The ‘grey house’ is a metaphor for something deeper and more opaque. We are seeing it with the unfolding towards new lines of investigation, legal and journalistic, due to the ramifications that this means in the image of the President, derived from the communiqués of José Ramón López Beltrán and his wife, Carolyn Adams, to distance themselves from any conflict of interest on the rent of a house belonging to a former oil executive who did business with Pemex. Both insist that there is no irregularity, let alone illegality, and have pointed this out in two communiqués. But there is a story behind it that, if President Andrés Manuel López Obrador does not know it, he should, because it has to do with the professional life of his daughter-in-law in Mexico.
Mrs. Adams did not give details of her time in Mexico in her first statement, nor how she related to José Ramón, with whom she formed a family. People who know their time in this country affirm that the person who introduced them in 2018 was Érik Legorreta, president of the Mexican Association of the Oil Industry, very close to Froylán Gracia García, a friend of Emilio Lozoya, who appointed him executive coordinator of the general management of Pemex, and of whom investors complained that he charged them millions of pesos for an appointment with his boss.
Legorreta was not a bird without spots on its plumage. During Enrique Peña Nieto’s six-year term, the press documented coyotages through his company Joint Industrial Services, and resale of collective contracts that damaged the public treasury. More recently, in 2018 an investigation folder was opened in Villahermosa, Tabasco, for an alleged fraud against Pemex for 60 million pesos. Legorreta was not the only person who connected Mrs. Adams with Lozoya’s office at Pemex. Five years earlier, at an oil congress in Dubai, he met Carlos Álvarez, founder and president of Stella Holdings, whose companies include Cava Energy.
Adams came to Dubai as a fellow, as she explained in her statement. He said that he studied in San Diego, where there are about thirty universities and community colleges, without specifying which one, and that he obtained the William Jefferson Clinton Scholarship, exclusively for students who are citizens of that country and have accredited a four-year bachelor’s degree in a national institution. The scholarship is linked to the American University in Dubai, and although an internet search did not turn up her name, it does not mean that she had not arrived in that emirate in the way she revealed it.
People who have known her for several years said that the then Energy Secretary of Felipe Calderón, Jordy Herrera, was the one who helped her go to Dubai, to work in the offices of ProMéxico, when the director in that city-nation was José Neif Kuri. . Asked about it, Herrera replied: “False.” In any case, the relationship that she began in Dubai with Álvarez materialized with a job in 2016 at Cava Energy, for which she moved to Monterrey. According to people who know her, Mrs. Adams began to support Álvarez’s efforts to obtain contracts with Pemex, taking advantage of Peña Nieto’s energy reform. To do so, added his acquaintances, he turned to Arturo Henríquez Autrey, another old friend of Lozoya, whom he appointed as director of Procurement and Supply, with whom he established contact in 2014. Henríquez Autrey resigned in 2015 amid corruption scandals, and Mrs. Adams’ efforts never came to fruition. In 2016 she left Cava Energy and moved back to Mexico City, in the Polanco area, her acquaintances added.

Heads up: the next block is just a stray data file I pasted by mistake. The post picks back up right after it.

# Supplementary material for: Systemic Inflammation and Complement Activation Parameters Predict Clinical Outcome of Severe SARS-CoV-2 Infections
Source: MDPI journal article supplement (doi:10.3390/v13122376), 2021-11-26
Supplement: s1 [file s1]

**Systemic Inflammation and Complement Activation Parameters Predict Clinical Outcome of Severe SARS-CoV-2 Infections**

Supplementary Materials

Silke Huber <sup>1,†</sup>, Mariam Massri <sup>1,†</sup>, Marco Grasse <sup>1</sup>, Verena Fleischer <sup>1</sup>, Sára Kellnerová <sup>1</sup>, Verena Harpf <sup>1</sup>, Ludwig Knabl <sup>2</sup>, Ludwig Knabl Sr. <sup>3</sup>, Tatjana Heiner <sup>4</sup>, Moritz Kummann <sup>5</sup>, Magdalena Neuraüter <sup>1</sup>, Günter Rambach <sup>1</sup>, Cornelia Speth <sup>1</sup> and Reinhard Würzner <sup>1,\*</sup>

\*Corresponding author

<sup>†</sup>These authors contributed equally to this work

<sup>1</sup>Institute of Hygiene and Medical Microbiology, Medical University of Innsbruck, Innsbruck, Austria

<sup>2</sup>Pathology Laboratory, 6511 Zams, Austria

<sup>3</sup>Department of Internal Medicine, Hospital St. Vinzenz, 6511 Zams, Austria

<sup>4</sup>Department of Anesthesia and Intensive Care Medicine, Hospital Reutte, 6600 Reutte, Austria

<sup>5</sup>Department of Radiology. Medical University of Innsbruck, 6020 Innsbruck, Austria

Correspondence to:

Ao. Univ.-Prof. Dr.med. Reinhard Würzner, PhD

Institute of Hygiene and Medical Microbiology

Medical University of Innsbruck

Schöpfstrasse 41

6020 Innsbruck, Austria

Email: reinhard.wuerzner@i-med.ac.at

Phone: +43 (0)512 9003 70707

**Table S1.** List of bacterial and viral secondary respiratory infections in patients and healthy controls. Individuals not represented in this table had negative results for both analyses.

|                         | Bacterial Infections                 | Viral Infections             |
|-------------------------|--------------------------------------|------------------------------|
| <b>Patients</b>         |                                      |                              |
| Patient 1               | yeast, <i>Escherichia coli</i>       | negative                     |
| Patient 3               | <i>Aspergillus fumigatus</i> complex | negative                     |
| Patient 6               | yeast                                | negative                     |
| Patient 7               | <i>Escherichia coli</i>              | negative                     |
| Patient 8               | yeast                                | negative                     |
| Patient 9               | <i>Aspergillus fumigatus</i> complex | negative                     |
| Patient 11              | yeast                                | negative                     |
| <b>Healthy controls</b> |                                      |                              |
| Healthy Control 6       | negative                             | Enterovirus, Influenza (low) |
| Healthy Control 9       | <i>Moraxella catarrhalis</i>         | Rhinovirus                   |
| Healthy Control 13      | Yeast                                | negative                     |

Without a permanent job, she had trouble paying her rent, but another businessman she met at work in the energy sector, Eduardo Arratia, helped her. Arratia is president of the energy company SCAP, which her father founded in 1993, and which has projects in several countries. Arratia, the lady’s friends recalled, lent her an apartment in Bosque de las Lomas, in Mexico City, and later lent her a house in Woodlands, one of the most expensive residential areas in northern Houston. Later, when she already had a relationship with the President’s eldest son, she lent him another house in the Wheatstone area, located in the south of that city. As late as 2019, when she married José Ramón, she had a house in Houston on loan from Arriata. In that year they moved to the ‘grey house’.
This property rented to an executive, at that time, of the Baker Hughes oil company, which has contracts with Pemex, sparked a controversy about whether or not there was a conflict of interest in the rent. Mrs. Adams, who did all the paperwork, says no. Over the weekend, Mexicans Against Corruption and Impunity revealed that there is no record in Houston that he had rented that property, but the day responded with a portion of the lease. Neither of the other two houses loaned by an oil businessman has drawn public attention, despite the fact that José Ramón López Beltrán lived or spent some time in one of them.
The activity of Mrs. Adams, even if she cut all the connecting vessels between her activity in the energy sector and possible conflicts of interest, shows, on the other side of her story, that she worked and lobbied on projects that today the President and his father-in-law , or has canceled, or considers that they were the result of gross corruption. From saying to doing, however, there is a long way. The López Obrador government has not been able to prove these statements, nor can it be said that Mrs. Adams incurred alleged crimes. Yes, it can be argued that she represents what the President hates politically, but this is subjective. The only concrete thing that the “gray house” has caused so far is that López Obrador’s speech gets stuck when he arrives at the presidential office.
See more columns in our printed version, which you can display clicking here
We would love to thank the author of this article for this awesome material
The Carolyn Adams Story